"The attraction of horror is a mental, or even an intellectual, excitement, but the fascination of the repulsive, so noticeable in contemporary writing, can spring openly from some rotted substance within our civilization ..."
"I have watched ... many literary fashions shoot up and blossom, and then fade and drop.... Yet with the many that I have seen come and go, I have never yet encountered a mode of thinking that regarded itself as simply a changing fashion, and not as an infallible approach to the right culture."
"Expediency of literature, reason of literature, lawfulness of writing down a thought, is questioned; much is to say on both sides, and, while the fight waxes hot, thou, dearest scholar, stick to thy foolish task, add a line every hour, and between whiles add a line."
"In literary circles, the men of trust and consideration, bookmakers, editors, university deans and professors, bishops, too, were by no means men of the largest literary talent, but usually of a low and ordinary intellectuality, with a sort of mercantile activity and working talent. Indifferent hacks and mediocrities tower, by pushing their forces to a lucrative point, or by working power, over multitudes of superior men, in Old as in New England."
"It has come to be practically a sort of rule in literature, that a man, having once shown himself capable of original writing, is entitled thenceforth to steal from the writings of others at discretion. Thought is the property of him who can entertain it; and of him who can adequately place it. A certain awkwardness marks the use of borrowed thoughts; but, as soon as we have learned what to do with them, they become our own."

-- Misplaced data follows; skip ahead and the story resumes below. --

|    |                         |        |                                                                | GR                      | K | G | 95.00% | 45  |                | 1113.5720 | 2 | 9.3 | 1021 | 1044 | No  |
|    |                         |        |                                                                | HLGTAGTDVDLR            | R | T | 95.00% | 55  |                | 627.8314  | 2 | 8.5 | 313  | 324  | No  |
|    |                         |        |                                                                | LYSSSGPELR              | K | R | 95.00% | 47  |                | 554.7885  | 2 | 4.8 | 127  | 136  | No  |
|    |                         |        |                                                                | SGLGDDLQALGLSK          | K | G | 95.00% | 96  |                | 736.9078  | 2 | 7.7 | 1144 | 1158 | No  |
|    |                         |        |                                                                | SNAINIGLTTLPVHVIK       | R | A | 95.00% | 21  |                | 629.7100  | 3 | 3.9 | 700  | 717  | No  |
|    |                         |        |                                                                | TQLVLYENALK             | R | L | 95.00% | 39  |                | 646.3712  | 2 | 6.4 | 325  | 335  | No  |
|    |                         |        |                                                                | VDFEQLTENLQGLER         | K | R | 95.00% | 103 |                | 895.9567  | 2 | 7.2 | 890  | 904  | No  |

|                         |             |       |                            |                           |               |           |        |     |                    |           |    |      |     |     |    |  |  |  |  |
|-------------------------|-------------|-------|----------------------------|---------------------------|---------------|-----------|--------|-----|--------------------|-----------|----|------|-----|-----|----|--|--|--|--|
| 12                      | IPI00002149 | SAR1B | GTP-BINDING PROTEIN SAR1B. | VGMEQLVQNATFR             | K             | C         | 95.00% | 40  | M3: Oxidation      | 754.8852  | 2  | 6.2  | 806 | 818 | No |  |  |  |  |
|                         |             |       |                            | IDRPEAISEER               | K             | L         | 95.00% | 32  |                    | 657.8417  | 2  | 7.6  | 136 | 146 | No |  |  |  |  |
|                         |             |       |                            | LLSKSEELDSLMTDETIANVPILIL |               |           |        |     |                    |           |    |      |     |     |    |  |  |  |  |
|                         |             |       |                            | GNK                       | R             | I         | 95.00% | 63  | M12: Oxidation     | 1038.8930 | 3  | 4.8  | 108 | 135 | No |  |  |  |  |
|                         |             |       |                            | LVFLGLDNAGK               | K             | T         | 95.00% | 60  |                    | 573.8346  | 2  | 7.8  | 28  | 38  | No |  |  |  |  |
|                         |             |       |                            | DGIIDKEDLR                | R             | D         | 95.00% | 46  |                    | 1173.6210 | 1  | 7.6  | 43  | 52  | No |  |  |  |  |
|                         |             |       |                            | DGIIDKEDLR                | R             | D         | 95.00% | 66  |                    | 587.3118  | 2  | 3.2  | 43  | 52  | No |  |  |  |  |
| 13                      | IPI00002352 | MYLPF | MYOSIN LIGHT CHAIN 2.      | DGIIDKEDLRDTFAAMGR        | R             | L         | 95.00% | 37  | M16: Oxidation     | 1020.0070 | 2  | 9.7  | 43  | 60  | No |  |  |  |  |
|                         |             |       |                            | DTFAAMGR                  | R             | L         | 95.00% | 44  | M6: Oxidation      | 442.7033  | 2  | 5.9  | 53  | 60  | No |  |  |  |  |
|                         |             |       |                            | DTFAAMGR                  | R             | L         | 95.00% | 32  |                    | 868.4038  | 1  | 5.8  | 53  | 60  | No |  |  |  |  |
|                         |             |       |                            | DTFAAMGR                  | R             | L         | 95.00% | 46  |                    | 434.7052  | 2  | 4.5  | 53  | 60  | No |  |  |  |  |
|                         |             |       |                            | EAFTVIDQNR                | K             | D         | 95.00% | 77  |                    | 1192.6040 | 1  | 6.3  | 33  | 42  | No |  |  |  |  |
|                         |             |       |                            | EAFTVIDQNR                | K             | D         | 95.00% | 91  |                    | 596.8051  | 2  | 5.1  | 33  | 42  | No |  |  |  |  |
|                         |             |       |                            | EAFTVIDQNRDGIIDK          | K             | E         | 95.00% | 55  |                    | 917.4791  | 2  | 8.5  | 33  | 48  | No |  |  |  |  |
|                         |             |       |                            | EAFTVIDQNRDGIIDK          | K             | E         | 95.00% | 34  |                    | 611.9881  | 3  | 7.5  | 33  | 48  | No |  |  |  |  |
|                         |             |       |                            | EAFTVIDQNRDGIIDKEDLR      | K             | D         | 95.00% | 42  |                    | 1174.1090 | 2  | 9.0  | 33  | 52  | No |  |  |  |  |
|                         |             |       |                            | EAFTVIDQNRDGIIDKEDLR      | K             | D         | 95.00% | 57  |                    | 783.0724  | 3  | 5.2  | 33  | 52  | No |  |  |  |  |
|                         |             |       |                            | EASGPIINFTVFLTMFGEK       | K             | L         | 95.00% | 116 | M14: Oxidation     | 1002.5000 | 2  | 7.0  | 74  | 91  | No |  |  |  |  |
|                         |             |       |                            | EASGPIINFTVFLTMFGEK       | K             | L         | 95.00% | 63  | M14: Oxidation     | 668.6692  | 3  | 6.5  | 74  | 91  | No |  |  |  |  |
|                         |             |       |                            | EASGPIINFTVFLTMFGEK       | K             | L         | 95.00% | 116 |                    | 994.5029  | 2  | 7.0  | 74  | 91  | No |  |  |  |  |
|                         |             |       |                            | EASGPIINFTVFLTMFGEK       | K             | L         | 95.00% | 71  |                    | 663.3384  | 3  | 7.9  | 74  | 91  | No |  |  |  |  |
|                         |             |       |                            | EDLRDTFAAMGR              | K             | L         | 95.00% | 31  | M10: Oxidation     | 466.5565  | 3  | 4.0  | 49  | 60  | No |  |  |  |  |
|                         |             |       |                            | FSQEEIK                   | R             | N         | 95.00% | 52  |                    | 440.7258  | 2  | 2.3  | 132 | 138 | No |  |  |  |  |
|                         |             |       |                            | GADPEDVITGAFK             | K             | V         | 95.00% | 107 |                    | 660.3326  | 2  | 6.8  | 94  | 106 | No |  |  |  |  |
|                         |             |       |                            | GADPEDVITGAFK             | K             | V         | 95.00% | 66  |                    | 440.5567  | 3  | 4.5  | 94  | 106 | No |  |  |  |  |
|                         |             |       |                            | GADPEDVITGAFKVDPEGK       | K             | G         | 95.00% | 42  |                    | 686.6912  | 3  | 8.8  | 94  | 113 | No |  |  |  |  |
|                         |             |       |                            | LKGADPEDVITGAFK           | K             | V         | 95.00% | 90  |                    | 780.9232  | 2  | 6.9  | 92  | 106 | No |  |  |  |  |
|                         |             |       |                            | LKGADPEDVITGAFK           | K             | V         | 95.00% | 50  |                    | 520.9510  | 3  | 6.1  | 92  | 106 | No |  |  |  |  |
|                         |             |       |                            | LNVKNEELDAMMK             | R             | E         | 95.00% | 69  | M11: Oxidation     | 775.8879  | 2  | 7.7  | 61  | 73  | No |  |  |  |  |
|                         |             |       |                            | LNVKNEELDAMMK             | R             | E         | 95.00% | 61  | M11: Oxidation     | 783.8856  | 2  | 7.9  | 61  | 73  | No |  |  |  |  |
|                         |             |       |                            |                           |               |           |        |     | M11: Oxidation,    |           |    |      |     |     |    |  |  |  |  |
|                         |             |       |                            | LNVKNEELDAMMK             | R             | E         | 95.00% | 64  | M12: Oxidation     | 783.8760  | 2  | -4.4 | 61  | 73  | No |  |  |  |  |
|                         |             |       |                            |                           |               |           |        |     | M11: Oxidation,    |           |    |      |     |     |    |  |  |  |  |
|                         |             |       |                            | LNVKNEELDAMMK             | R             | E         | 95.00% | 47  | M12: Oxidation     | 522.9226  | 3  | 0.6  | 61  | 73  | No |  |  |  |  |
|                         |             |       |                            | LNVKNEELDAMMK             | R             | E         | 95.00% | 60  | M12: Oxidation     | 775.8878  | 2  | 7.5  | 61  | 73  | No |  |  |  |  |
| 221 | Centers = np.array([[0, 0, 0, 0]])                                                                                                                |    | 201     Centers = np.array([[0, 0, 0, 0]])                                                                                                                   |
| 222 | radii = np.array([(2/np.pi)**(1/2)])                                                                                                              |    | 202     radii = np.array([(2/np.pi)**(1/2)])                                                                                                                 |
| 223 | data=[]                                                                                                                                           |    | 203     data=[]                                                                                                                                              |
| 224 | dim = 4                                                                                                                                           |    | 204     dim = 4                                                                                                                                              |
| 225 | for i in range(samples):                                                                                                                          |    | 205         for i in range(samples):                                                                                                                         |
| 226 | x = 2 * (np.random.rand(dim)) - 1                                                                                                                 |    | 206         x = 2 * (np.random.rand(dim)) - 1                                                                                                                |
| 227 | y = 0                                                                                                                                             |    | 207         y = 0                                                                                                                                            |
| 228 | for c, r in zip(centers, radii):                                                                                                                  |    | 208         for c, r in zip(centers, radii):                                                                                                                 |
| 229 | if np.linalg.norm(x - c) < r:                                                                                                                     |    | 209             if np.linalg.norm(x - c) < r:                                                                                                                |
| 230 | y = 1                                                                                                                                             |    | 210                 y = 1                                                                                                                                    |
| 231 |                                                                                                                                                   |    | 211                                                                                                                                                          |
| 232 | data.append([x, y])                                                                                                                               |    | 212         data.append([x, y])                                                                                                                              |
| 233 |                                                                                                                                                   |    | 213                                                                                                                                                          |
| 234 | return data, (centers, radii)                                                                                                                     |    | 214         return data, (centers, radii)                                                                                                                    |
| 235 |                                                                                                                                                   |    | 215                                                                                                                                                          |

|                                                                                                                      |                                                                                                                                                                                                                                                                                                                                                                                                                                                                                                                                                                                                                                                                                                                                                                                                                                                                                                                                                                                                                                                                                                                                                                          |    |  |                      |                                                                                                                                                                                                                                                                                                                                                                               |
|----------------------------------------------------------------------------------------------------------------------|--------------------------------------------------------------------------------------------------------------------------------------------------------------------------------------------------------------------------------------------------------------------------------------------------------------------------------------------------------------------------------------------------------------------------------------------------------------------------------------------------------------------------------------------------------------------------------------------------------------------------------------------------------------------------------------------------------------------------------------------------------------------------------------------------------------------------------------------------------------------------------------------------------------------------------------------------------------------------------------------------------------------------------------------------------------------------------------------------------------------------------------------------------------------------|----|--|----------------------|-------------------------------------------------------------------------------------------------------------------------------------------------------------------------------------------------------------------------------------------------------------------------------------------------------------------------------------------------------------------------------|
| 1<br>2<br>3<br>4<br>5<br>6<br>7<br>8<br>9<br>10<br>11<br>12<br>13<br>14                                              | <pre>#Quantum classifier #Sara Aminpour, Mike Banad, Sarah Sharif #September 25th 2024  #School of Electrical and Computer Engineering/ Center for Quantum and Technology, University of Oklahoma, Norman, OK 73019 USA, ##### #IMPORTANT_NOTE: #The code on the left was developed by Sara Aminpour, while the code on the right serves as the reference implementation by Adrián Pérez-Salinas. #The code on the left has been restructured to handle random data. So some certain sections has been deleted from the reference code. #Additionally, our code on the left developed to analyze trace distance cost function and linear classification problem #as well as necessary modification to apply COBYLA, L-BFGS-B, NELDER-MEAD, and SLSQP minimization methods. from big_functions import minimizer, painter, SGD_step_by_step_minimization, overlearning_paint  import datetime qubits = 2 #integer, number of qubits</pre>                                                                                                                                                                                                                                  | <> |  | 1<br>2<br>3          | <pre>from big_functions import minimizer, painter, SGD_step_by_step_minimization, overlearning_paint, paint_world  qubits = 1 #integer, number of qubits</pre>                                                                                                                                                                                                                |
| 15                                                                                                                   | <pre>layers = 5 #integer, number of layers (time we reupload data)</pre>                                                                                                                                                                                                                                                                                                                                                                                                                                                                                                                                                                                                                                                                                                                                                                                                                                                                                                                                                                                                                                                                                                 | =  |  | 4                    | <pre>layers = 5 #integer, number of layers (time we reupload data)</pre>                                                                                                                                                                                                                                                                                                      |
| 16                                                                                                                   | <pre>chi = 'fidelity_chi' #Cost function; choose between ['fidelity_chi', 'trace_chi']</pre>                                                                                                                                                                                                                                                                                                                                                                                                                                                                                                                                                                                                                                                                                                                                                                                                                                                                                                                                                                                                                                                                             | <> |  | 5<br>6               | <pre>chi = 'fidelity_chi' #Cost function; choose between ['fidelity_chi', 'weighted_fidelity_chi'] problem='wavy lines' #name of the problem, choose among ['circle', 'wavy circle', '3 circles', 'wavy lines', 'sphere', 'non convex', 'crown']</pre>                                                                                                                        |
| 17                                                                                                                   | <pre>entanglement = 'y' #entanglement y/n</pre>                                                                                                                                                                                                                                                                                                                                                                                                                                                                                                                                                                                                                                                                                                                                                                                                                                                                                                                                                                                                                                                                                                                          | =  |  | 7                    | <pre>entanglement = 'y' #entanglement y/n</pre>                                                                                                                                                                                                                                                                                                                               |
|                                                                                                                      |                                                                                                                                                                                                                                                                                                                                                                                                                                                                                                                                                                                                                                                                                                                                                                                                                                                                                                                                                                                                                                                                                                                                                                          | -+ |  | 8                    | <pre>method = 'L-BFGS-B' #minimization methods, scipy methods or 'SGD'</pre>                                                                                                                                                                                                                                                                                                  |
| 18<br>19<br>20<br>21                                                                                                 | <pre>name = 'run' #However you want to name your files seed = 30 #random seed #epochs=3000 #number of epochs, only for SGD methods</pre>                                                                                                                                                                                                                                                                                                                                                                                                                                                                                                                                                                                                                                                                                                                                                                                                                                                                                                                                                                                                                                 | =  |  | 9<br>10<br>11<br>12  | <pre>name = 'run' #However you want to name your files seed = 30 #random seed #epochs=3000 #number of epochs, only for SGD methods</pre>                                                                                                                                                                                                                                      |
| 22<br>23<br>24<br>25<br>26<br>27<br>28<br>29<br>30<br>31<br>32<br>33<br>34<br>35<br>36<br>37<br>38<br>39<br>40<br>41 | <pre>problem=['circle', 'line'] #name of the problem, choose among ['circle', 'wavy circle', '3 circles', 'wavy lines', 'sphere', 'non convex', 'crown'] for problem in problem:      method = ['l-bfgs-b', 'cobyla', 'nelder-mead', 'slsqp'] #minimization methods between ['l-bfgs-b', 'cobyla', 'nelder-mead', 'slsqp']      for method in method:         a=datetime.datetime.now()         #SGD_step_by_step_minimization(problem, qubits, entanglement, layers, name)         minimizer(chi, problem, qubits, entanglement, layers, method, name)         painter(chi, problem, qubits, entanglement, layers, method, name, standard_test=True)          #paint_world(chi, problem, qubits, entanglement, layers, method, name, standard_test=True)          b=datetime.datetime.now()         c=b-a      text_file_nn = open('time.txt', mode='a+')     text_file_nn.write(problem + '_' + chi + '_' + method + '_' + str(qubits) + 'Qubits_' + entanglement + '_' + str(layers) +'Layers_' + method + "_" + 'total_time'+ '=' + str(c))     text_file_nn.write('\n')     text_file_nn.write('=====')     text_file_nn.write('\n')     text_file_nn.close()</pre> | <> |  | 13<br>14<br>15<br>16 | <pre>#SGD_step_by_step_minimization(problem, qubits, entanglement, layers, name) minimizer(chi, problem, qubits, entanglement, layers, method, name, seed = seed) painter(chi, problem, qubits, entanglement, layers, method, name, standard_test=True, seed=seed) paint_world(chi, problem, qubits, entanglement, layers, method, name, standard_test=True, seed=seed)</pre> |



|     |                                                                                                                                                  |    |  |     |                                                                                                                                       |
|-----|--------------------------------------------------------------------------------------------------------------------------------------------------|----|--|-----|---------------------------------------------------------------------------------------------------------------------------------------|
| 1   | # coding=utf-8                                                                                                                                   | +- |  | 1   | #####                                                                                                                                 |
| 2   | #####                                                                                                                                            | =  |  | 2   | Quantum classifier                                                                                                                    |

"There is no luck in literary reputation. They who make up the final verdict upon every book are not the partial and noisy readers of the hour when it appears; but a court as of angels, a public not to be bribed, not to be entreated, and not to be overawed, decides upon every man's title to fame. Only those books come down which deserve to last."
"Man cannot bury his meanings so deep in his book, but time and like-minded men will find them. Plato had a secret doctrine, had he? What secret can he conceal from the eyes of Bacon? of Montaigne? of Kant? Therefore, Aristotle said of his works, "They are published and not published."
"Our day of dependence, our long apprenticeship to the learning of other lands, draws to a close. The millions, that around us are rushing into life, cannot always be fed on the sere remains of foreign harvests."
"The literature of the poor, the feelings of the child, the philosophy of the street, the meaning of household life, are the topics of the time. It is a great stride. It is a sign,--is it not? of new vigor, when the extremities are made active, when currents of warm life run into the hands and the feet."
"The artist is of no importance. Only what he creates is important, since there is nothing new to be said. Shakespeare, Balzac, Homer have all written about the same things, and if they had lived one thousand or two thousand years longer, the publishers wouldn't have needed anyone since."